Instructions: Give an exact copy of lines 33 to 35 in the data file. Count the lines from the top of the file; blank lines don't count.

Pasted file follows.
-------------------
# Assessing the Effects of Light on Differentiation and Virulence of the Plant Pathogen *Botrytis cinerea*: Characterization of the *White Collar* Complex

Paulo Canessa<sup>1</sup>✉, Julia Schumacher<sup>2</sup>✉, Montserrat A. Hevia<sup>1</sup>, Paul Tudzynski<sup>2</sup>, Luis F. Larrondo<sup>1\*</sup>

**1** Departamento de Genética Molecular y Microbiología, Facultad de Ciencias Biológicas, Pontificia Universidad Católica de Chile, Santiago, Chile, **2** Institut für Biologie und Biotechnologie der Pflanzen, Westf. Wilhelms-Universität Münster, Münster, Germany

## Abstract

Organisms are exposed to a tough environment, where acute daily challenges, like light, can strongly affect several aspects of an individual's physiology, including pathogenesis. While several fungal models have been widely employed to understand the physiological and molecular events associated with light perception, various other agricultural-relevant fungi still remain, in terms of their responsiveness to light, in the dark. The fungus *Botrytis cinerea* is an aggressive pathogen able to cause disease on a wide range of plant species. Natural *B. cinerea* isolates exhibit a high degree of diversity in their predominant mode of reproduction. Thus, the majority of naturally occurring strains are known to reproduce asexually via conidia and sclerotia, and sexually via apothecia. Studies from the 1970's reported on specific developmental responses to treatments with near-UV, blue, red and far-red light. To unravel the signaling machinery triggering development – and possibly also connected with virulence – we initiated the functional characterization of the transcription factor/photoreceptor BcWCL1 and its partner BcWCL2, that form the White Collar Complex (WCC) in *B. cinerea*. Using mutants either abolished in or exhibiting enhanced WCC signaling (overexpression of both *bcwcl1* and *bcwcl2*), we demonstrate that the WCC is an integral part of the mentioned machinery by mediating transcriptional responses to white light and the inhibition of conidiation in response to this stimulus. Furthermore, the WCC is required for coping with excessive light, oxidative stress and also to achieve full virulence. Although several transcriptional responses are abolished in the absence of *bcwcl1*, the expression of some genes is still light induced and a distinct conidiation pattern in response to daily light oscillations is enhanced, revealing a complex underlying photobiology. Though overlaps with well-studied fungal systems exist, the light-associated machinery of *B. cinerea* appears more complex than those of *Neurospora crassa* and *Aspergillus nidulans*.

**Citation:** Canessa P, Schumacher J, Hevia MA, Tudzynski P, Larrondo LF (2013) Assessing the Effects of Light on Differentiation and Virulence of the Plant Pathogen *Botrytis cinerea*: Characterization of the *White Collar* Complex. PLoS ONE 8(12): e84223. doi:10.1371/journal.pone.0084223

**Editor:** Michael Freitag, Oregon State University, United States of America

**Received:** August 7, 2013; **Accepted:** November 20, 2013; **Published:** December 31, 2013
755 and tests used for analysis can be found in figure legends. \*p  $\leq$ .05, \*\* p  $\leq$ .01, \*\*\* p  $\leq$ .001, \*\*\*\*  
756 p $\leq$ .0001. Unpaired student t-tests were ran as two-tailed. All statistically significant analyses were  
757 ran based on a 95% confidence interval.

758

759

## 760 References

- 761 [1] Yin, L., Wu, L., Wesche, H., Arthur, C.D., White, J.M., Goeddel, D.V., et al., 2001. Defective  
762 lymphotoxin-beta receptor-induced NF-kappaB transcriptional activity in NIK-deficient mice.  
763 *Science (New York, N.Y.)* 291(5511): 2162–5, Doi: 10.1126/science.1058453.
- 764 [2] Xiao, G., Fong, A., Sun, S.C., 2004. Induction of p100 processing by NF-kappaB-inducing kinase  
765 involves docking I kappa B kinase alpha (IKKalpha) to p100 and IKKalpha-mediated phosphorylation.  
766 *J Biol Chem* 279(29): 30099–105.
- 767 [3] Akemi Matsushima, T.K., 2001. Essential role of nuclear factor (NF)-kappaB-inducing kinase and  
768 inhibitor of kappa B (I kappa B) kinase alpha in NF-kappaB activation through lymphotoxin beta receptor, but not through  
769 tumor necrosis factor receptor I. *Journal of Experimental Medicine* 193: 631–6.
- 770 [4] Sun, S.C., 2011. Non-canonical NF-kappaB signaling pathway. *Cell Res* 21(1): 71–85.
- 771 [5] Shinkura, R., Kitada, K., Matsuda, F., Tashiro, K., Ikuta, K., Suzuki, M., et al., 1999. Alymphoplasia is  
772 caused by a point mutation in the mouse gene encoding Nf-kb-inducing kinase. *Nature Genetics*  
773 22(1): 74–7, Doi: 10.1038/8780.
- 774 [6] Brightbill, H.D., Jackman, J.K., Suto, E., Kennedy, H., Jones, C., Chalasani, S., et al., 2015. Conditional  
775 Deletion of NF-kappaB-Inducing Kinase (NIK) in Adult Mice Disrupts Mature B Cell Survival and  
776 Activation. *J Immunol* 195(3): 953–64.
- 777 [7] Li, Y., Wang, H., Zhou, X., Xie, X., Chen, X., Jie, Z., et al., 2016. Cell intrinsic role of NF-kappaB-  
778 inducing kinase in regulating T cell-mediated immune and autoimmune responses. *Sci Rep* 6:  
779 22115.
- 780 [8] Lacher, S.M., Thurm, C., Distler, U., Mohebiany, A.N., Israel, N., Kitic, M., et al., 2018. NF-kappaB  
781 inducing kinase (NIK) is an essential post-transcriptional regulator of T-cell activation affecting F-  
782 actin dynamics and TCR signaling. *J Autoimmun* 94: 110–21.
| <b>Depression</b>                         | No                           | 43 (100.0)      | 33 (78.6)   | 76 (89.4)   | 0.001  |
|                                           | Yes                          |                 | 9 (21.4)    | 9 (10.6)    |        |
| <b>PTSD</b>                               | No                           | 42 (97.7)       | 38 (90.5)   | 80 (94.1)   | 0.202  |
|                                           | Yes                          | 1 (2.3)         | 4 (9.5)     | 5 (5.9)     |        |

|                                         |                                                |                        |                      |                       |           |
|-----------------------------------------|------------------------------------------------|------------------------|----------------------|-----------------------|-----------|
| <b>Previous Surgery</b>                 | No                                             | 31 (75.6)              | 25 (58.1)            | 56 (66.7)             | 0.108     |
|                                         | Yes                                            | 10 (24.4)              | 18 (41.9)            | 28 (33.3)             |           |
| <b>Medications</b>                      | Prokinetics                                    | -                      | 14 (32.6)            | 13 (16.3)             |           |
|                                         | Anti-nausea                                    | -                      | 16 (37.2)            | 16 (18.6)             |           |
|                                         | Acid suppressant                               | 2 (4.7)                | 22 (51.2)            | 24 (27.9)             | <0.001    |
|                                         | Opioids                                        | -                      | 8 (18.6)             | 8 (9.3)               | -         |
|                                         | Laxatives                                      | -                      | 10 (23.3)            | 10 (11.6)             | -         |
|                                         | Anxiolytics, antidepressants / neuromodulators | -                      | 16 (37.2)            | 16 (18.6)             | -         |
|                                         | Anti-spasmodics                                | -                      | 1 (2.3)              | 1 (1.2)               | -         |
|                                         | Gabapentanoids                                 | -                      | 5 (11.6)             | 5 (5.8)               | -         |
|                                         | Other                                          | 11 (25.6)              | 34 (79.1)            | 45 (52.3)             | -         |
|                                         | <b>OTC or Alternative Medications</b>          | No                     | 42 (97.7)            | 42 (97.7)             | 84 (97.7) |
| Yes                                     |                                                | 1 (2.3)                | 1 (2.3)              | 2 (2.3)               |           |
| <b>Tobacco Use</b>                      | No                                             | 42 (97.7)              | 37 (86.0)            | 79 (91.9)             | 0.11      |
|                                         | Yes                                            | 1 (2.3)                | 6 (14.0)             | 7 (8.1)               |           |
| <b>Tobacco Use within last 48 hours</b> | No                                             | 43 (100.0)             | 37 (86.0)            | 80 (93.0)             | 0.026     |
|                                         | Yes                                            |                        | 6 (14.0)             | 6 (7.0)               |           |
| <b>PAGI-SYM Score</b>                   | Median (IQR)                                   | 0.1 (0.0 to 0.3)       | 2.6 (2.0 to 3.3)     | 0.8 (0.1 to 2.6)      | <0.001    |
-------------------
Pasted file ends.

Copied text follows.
779 22115.
- 780 [8] Lacher, S.M., Thurm, C., Distler, U., Mohebiany, A.N., Israel, N., Kitic, M., et al., 2018. NF-kappaB  
781 inducing kinase (NIK) is an essential post-transcriptional regulator of T-cell activation affecting F-  